(3) He does not call in earnest who does not will (i.e., does not command and take pleasure that the one called should come whither he calls), but he does not cease to call in earnest who does not will (i.e., intend and decree effectively that the one called should respond to the call). To a serious call, it is not required that there should be a constant intention of actually bringing to oneself those who are called, but only that there should be the constant will of commanding duty and of promising a blessing to those who do it. So God seriously wills (i.e., commands man to obey the law that he may live, according to the brief clause of the covenant of works: “Do this and thou shalt live”). Yet he cannot for this reason be said to will (i.e., to intend) that man should fulfil the law and fulfilling live by it.
4. Opponents faced with the same difficulty.
(4) The opinion which we oppose is far more strongly pressed with the same difficulty. For on this hypothesis, God is made most seriously to desire and intend the salvation of men (provided they have faith) which yet he knows they have not (and cannot have of themselves), and which he himself decreed from eternity by an irrevocable decree not to give (who alone can). It is easy to decide whether this can be consistent with the sincerity of God. By this very thing, God is represented as testifying that he wills and does not will (at the same time) their salvation because he does not will that without which it cannot be obtained (as if anyone would say that he wills man to live, but yet nilled that he should breathe).
5. The External Call is not presented in the same manner.
“Although the external call is presented as much to the reprobate as to the elect, yet it is not presented in the same manner. To the latter, it has reference primarily, directly and principally. For by it he intends their faith and salvation; on account of them, he has instituted the ministry and provides for the preaching of the gospel, so that the scattered sons of God may be gathered (John 11:52), and the church collected and edified (Eph. 4:11-12), which would not have been done if there had been no elect in the world. Hence he does not call them only imperatively, but also operatively (by working in them by his Spirit the condition itself).
“But it has reference to the former only secondarily and indirectly because they are mixed with the elect (whom God intends by the word to bring out of the world unto salvation). Not that salvation may be said to be destined for them by God conditionally, but only that their duty is prescribed to them and the way of salvation exhibited. There does not cease therefore to be a multiple end of that calling with regard to them (although God has not decreed, nor intends, that they should respond to it and be saved). As legislator, he wills to prescribe to them their duty; as Lord, he wills kindly to show them the way of salvation; as Judge, he wills to convict them of contumacy and rebellion and to render them inexcusable.”
6. The intention of God vs. that of gospel preachers.
“Although the intention of pastors in that calling agrees with the intention of God both in this—that they do nothing except by God’s appointment whether in commanding faith or promising salvation; in which sense they are said to be the mouth of God and to beseech us in the name of Christ (2 Cor. 5:19, 20); and in this—that both properly intend the salvation of the elect alone and not of the reprobate; yet they do not agree in all respects. [cf. Reformed Scholasticism: Distinguishing Ends]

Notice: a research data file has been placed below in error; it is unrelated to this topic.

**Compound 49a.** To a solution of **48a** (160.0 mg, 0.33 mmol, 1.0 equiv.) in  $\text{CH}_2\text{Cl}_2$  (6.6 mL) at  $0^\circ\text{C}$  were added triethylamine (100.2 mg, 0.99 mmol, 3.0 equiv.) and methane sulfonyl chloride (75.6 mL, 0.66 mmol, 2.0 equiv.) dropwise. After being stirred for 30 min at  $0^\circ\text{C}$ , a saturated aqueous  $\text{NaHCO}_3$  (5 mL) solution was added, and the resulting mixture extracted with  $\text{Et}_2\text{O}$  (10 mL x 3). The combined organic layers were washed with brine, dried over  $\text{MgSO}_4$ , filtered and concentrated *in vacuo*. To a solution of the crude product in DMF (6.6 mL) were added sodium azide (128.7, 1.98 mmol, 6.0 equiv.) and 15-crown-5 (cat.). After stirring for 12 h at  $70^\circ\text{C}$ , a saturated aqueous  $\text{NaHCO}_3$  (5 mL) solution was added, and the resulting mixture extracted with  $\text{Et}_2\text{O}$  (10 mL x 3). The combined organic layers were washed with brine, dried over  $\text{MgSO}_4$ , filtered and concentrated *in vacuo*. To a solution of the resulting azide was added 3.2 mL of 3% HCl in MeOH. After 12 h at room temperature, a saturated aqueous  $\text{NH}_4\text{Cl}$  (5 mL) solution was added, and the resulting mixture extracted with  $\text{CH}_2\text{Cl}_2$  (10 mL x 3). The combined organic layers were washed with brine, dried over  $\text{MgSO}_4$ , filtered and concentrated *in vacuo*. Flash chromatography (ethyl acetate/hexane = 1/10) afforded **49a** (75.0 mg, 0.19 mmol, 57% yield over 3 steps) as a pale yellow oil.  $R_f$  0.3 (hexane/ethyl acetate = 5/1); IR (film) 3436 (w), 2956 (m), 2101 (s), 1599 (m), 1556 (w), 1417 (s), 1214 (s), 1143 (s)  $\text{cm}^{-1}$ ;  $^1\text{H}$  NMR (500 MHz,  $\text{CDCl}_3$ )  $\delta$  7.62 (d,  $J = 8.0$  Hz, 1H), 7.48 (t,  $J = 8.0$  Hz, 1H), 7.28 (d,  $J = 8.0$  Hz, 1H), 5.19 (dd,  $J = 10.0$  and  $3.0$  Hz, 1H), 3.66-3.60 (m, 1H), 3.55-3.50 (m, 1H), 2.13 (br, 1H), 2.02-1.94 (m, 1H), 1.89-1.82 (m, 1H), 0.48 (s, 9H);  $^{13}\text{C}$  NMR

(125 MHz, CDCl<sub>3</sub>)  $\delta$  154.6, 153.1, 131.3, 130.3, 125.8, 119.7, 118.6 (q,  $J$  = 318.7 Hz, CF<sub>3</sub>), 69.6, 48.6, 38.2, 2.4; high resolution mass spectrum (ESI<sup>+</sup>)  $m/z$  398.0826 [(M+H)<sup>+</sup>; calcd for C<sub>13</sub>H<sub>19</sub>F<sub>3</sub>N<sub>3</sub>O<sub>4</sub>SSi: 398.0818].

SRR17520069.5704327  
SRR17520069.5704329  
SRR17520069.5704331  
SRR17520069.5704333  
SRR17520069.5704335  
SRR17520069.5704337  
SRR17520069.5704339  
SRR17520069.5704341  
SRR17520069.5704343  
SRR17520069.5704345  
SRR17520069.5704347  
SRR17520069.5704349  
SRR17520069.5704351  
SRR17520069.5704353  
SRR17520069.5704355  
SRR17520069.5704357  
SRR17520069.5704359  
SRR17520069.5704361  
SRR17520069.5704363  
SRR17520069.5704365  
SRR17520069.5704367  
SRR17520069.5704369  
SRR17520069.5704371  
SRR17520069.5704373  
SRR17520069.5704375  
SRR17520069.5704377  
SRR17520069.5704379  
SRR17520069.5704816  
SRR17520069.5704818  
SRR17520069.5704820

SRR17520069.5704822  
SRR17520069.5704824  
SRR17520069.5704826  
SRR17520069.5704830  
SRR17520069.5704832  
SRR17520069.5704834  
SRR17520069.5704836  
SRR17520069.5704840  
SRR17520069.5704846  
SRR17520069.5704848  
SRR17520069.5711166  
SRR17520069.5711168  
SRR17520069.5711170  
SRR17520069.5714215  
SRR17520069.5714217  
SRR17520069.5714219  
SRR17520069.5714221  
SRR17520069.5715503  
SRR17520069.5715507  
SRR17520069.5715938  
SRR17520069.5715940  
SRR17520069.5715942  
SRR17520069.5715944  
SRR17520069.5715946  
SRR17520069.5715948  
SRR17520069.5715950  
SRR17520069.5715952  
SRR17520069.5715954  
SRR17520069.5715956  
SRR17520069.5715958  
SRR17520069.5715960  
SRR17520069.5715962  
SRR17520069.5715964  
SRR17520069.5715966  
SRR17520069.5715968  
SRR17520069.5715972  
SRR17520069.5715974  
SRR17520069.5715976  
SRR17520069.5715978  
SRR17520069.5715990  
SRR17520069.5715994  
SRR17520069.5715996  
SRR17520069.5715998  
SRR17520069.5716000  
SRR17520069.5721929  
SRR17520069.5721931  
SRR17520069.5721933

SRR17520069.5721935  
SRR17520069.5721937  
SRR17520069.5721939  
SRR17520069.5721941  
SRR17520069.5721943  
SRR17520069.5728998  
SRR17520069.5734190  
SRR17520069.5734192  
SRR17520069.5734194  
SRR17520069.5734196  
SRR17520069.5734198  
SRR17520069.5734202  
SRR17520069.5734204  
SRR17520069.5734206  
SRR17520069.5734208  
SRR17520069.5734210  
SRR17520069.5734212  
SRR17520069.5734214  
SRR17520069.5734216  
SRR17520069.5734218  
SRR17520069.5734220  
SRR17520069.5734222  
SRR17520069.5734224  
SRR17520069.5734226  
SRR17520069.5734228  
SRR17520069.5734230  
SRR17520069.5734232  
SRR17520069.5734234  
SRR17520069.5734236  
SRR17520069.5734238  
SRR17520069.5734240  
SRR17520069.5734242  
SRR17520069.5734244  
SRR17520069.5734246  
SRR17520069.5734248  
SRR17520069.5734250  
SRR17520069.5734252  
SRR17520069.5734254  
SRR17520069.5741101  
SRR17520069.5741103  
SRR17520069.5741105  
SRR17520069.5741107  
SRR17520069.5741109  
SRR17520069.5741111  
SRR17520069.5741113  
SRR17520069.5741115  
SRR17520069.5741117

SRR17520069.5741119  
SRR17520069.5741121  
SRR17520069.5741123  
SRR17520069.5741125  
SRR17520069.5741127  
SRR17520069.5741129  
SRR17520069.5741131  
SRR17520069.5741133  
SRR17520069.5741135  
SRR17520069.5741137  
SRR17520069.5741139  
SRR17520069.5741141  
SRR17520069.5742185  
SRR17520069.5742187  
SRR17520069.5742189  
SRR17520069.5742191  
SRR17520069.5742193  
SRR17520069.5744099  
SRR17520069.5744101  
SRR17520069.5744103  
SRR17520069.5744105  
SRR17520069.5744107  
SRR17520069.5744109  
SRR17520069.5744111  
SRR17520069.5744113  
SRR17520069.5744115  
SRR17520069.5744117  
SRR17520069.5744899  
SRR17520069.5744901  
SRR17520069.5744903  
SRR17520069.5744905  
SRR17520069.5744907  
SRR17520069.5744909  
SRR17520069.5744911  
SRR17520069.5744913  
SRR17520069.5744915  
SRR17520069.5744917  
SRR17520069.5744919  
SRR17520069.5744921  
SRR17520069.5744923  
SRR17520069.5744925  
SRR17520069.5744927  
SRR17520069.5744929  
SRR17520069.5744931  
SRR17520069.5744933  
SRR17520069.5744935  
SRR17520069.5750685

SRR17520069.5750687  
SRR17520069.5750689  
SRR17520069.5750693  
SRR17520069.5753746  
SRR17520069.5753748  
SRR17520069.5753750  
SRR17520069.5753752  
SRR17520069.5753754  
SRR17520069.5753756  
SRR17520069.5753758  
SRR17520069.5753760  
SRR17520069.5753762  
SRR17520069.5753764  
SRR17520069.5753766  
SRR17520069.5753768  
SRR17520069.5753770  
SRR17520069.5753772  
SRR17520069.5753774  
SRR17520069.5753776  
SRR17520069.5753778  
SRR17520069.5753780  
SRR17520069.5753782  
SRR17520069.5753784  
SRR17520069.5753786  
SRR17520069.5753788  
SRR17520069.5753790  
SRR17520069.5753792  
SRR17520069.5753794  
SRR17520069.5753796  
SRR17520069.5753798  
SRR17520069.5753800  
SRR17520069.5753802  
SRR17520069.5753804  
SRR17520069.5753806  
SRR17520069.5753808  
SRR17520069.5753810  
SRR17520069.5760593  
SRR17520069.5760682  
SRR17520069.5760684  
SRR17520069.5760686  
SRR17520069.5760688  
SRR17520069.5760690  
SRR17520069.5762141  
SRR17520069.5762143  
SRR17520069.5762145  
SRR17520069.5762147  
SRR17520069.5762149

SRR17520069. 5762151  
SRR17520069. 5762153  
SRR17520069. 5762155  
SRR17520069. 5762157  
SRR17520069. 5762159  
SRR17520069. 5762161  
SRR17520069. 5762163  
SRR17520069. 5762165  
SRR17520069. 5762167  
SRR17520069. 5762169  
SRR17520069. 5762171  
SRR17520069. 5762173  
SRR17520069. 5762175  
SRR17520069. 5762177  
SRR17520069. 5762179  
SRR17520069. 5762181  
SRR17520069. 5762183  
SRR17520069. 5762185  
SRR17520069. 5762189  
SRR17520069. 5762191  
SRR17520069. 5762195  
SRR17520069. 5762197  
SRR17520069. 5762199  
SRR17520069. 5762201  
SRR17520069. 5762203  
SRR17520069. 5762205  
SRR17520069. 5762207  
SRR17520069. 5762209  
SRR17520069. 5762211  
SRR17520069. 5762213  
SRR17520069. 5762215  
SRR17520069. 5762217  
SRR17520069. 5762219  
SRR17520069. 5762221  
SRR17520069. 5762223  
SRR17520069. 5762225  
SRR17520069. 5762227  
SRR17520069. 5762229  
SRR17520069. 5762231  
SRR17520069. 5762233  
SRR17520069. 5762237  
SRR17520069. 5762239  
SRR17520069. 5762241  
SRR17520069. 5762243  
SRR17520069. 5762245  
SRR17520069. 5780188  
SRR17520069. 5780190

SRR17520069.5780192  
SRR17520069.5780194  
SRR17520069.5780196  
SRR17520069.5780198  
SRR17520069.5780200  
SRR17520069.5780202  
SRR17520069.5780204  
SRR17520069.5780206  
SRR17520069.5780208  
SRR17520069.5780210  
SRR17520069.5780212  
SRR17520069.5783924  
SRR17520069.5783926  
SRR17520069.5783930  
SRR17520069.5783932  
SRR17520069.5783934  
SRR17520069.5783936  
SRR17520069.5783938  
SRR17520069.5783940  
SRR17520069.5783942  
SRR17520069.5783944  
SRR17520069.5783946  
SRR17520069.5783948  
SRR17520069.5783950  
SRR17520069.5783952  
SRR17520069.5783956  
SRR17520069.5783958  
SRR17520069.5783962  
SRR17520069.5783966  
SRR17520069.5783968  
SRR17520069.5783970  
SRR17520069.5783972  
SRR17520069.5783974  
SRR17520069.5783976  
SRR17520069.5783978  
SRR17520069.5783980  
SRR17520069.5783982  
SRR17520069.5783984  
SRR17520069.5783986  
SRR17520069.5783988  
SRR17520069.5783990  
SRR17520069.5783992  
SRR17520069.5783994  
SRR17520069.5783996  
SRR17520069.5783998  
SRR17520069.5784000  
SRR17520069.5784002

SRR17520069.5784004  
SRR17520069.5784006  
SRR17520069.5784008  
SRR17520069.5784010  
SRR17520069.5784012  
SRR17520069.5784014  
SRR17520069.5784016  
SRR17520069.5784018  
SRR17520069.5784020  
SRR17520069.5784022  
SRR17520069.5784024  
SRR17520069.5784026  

“For ministers are unable to distinguish between the elect and reprobate, and do not know by name those who will or will not believe. They address all promiscuously, and only indistinctly are able to promote the salvation of the elect because they are unknown to them. They may undoubtedly desire from the promptings of love that all should be saved. Nor ought they to despair absolutely of the salvation of anyone (unless they consider him to have sinned unto death and to be really a reprobate), since God can call men in the very last hour. Therefore they are bound diligently to perform their duty towards all sinners. They would involve themselves in great guilt before God, if in the perdition of any they could be accused of a neglect of duty as long as any hope of emendation remained.
“To this pertains what Paul says, “that he exhorted every man, that he might present every man perfect in Christ” (Col. 1:28). To teach that, he did what was incumbent upon him that he might promote the salvation of everyone (whether Jew or Gentile) committing the event to God. At another time, he (the hardening and rejection of the Jews being known), after shaking his raiment, left them and turned himself to the Gentiles (Acts 18:6; 13:46). But God knows his own, and those for whose salvation and conversion alone he has destined calling. He also distinctly and formally intends their salvation by it, but not that of others whom he knows were reprobated by him from eternity (and either do not truly follow, or never will follow, and whose salvation, therefore, he cannot intend, but rather the detection of the wickedness of their hearts (Luke 2:35), and their inexcusability on the supposition of their contumacy (Rom. 1:20; John 15:22), as the event itself clearly shows).
“Nor must it be said here that the question concerns the mind and will of the caller, it does not concern the event of the call. For the event itself (which depends upon the most free and wise dispensation of God) sufficiently indicates what was the mind and will of the caller, since nothing can happen beyond his intention.”
(Francis Turretin, Institutes of Elenctic Theology IV.xvii.45-47, vol. 1, pp. 415-417).
One thought on “The Gospel Offer and Limited Atonement”
The first footnote addresses Lynch’s main fallacy